Sharmila Devi
The Financial Times
October 19, 2007 - 4:40pm

As a series of high-profile international visitors, including Condoleezza Rice and Tony Blair, traipse through the Holy Land, Palestinians are looking on with a mixture of indifference and despair.

The US secretary of state and former British prime minister are spear-heading efforts to prod Israel and the Palestinians towards meaningful peace talks and reform of Palestinian institutions and economy.

But Palestinians say their lack of optimism is based on internal shortcomings including lack of leadership as well as Israeli actions on the ground that are consistently backed by the US.

There is an overwhelming belief that the US administration in its final year in office is spurred more by a desire to form a united front against Iranian nuclear ambitions and create a legacy other than the quagmire in Iraq, rather than justice and viable statehood for the Palestinians.

Ms Rice on Wednesday visited Christian sites in Bethlehem, passing through the high concrete wall that forms part of Israel’s separation barrier around the West Bank city. Mr Blair, who took over as international envoy, has also been spending time acquainting himself with the Palestinian reality in the occupied territories.

“These moves [by Ms Rice and Mr Blair] are not unimportant but I don’t want us just to become a university for people to learn how bad things are in Palestine,” said Sam Bahour, a leading businessman in Ramallah. “Palestinians are beyond statements. The Palestinian reality is overwhelming any real hope.”

Israeli and Palestinian negotiators are trying to prepare a joint document of principles before a US-sponsored peace meeting that is likely to take place next month or December. Ms Rice, meanwhile, is trying to bridge the vast gaps between the two sides on practically every issue relating to Palestinian statehood.

“Palestinians can clearly see the divergent interests and expectations between the US and Israel on one side and the Palestinians on the other,” said Diana Buttu, a former legal adviser to the Palestinian Liberation Organisation. “Israel wants any joint document to be vague on territory but specific on the Palestinians giving up the right of return [for refugees]. The Palestinians want specifics on territory but to remain vague on the right of return.”

Palestinians say they have little confidence in Ahmed Qurei, also known as Abu Ala, the ex-prime minister who is leading the team of Palestinian negotiators.

His apparent comeback after his Fatah party lost parliamentary elections to Hamas, the Islamic movement, last year has left many Palestinians feeling bemused at best. “Abu Ala’s negotiating team failed in the old Oslo era so people have a huge lack of confidence,” said Mr Bahour.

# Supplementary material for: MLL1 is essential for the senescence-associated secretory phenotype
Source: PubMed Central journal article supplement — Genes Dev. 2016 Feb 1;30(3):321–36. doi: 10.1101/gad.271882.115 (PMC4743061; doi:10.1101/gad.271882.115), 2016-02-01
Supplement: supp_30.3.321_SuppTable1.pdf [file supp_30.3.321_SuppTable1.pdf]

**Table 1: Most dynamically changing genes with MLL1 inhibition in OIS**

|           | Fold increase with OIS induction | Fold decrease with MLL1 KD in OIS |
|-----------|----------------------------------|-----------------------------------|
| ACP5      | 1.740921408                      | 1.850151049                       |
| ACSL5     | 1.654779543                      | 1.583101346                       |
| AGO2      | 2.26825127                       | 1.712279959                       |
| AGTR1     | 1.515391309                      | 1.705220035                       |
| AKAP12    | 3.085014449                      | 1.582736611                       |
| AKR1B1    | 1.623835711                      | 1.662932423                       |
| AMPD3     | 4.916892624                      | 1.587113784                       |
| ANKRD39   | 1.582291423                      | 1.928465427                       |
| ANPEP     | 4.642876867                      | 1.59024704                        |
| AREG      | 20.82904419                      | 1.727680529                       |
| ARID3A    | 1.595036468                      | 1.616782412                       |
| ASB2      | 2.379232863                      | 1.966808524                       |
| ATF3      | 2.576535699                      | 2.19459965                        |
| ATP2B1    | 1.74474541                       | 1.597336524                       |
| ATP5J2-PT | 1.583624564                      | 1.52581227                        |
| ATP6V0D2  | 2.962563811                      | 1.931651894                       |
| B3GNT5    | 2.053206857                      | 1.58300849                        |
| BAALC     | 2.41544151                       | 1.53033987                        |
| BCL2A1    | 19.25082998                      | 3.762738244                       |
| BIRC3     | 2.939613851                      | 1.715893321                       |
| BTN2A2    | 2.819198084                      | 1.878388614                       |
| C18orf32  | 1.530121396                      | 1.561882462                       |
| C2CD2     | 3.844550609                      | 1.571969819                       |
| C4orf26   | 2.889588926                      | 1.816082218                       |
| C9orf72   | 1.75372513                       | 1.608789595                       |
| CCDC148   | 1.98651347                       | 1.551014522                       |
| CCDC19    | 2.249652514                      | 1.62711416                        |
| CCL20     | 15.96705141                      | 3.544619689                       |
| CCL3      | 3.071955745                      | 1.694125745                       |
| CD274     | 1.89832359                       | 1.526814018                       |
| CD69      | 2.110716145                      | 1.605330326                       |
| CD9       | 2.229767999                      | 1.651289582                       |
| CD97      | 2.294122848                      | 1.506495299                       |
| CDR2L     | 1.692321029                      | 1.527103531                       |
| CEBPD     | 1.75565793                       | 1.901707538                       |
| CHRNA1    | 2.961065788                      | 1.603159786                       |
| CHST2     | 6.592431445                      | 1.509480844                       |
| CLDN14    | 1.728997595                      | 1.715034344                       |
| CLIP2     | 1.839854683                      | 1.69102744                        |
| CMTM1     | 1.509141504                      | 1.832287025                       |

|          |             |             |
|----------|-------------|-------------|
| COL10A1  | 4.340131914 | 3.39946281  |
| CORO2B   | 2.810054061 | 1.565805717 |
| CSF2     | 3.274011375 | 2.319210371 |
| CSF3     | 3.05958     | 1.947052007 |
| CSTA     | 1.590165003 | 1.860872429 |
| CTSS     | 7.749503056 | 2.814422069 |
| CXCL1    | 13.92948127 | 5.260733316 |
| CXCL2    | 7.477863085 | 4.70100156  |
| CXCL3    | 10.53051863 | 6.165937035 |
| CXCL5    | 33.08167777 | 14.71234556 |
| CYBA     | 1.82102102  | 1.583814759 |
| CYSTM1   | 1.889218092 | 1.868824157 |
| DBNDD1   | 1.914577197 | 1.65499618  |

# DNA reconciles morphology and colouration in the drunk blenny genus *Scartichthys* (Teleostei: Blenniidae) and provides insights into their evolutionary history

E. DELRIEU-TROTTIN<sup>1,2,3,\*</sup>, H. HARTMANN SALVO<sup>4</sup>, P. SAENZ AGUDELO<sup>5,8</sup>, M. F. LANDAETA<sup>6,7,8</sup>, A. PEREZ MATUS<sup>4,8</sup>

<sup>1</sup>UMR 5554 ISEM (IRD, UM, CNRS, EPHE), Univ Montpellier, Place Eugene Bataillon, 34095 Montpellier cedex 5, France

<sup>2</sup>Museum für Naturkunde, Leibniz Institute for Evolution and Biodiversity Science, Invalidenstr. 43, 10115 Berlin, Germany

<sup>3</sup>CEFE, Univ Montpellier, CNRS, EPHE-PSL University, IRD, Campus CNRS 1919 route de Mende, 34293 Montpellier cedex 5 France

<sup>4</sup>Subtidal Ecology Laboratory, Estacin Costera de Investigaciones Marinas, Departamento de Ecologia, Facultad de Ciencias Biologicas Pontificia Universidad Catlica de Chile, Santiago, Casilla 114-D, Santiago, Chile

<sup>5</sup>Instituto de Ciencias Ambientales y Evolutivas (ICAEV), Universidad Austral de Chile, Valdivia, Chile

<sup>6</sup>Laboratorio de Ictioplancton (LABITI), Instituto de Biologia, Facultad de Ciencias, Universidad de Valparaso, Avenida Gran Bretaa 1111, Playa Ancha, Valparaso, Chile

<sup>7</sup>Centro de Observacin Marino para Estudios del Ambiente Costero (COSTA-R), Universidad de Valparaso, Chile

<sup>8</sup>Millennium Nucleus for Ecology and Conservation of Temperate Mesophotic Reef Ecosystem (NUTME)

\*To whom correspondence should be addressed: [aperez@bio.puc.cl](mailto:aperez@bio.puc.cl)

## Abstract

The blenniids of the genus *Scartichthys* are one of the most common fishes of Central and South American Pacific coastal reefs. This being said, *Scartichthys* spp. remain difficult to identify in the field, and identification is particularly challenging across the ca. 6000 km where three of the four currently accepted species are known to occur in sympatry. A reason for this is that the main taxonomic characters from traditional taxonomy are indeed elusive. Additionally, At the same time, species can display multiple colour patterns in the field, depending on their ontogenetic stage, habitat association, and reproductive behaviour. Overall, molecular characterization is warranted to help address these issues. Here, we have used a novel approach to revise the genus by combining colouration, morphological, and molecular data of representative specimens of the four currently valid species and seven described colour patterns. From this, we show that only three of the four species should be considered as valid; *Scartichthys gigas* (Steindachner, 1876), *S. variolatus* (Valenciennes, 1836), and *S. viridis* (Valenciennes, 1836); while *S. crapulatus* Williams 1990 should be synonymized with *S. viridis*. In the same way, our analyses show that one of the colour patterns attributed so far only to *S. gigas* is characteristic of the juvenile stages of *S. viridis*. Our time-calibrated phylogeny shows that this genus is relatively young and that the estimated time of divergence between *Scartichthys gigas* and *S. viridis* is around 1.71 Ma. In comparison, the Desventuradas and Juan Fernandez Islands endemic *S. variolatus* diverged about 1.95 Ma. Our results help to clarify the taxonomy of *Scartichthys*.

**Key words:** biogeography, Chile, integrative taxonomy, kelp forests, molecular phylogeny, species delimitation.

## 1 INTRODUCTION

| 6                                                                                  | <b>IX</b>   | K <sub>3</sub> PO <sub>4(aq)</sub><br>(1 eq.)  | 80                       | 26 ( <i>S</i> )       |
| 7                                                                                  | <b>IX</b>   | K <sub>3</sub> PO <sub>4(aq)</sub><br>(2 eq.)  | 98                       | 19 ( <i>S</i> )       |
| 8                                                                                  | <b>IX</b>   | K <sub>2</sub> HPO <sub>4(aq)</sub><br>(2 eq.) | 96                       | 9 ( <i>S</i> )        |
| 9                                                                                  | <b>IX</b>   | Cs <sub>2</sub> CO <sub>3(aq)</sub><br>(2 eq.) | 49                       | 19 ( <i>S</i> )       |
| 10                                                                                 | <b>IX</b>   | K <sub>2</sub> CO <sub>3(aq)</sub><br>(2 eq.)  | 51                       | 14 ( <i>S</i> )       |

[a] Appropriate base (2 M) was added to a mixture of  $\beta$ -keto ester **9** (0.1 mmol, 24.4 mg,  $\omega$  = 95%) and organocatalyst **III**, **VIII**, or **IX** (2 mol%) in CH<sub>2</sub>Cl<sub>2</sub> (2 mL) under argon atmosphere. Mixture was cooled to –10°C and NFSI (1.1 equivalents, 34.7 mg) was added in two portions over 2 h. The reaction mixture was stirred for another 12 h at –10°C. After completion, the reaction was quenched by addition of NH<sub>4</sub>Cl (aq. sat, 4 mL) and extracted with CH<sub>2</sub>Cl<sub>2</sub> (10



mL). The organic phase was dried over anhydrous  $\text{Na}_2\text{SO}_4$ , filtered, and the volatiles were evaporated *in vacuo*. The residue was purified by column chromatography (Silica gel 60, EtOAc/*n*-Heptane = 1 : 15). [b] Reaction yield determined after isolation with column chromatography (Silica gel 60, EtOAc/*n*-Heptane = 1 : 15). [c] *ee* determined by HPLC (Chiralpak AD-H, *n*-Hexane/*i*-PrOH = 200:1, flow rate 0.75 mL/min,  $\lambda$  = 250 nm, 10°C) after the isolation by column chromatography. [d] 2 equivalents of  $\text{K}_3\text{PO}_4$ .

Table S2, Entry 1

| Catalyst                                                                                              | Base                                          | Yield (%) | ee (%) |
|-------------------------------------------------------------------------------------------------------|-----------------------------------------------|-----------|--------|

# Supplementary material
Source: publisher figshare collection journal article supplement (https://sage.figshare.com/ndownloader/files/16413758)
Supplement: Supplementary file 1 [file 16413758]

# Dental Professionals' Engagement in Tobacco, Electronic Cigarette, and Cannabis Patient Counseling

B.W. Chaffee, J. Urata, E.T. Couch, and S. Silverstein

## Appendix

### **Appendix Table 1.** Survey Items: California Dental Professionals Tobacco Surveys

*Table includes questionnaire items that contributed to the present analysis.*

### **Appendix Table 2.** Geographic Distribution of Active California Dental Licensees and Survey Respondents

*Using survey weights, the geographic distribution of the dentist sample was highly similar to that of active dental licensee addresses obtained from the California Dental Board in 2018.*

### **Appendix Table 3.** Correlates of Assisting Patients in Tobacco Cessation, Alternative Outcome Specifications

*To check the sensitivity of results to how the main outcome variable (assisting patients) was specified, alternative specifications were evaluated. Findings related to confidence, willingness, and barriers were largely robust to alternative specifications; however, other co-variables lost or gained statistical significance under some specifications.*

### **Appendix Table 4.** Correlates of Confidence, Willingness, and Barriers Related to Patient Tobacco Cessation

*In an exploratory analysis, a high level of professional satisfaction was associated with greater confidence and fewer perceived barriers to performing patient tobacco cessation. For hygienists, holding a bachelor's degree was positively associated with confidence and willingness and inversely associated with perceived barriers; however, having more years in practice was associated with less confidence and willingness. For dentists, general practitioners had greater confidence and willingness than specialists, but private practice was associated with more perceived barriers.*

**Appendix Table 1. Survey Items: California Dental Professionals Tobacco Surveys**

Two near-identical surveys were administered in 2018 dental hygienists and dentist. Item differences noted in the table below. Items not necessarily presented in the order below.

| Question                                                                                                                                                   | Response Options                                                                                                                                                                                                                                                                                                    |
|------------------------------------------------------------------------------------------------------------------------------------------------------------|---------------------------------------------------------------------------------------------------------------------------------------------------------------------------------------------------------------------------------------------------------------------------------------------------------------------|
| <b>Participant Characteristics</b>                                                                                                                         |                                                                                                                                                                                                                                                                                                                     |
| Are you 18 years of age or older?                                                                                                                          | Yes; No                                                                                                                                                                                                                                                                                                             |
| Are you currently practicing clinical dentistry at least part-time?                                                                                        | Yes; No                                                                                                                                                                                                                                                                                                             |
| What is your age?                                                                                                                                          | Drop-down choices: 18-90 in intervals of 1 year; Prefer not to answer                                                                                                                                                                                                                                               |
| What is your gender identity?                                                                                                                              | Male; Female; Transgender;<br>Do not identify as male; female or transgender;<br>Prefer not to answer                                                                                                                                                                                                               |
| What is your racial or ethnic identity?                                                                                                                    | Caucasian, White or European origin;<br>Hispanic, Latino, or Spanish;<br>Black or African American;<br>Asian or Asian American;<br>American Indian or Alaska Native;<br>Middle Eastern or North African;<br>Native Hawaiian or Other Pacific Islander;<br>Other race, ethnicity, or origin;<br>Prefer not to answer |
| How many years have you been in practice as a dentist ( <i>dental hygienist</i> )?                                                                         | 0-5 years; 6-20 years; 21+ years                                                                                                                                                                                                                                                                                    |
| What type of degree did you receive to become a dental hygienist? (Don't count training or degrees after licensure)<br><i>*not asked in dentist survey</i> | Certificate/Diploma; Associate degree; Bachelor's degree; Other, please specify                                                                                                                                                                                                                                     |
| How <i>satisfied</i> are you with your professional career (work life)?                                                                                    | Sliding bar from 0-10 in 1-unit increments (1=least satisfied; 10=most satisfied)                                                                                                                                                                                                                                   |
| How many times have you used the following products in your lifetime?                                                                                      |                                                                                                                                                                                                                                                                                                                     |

The Oslo accords of the 1990s gave the Palestinians limited self-rule but failed to specify a limit to Israeli settlement expansion in the occupied territories.

A Palestinian close to the talks between Israel, the Palestinians and the US said US officials were unimpressed with Mr Qurei and only grudgingly accepted him.

He is part of the “old guard” Fatah leadership the US had wanted replaced as part of Fatah reforms. These ambitions, along with the drive for democracy in the Middle East, were dropped as the US and Israel sought to defeat Hamas, which dominates the Gaza Strip.

Mustafa Barghouthi, a former Palestinian information minister, said in the time between George W. Bush, US president, announcing the peace meeting on July 16 and last Monday, the Israeli military had killed 104 Palestinians, in-cluding 12 children. Yesterday an Israeli soldier and a Palestinian were killed in the Gaza Strip.

Mahmoud Abbas, Palestinian president, said time was running out for an agreement with Israel. “It’s impossible to go to the [US] conference at any price,” he said after meeting Ms Rice.

The Palestinian close to the recent talks said Mr Abbas would likely survive any failure of the US- sponsored meeting but his Fatah party would increase pressure to wrest power from Salam Fayyad, the independent prime minister who has little control over the negotiations with Israel.

The Palestinian said Mr Fayyad believed the minimum requirement for success in the talks was for the US to exact from Israel a freeze on settlement construction but hopes were not high.

Mr Bahour said: “If these talks fail, it’s unlikely there would be an organised third uprising [intifada]. But acts of despair by individuals can be even more fearful.”


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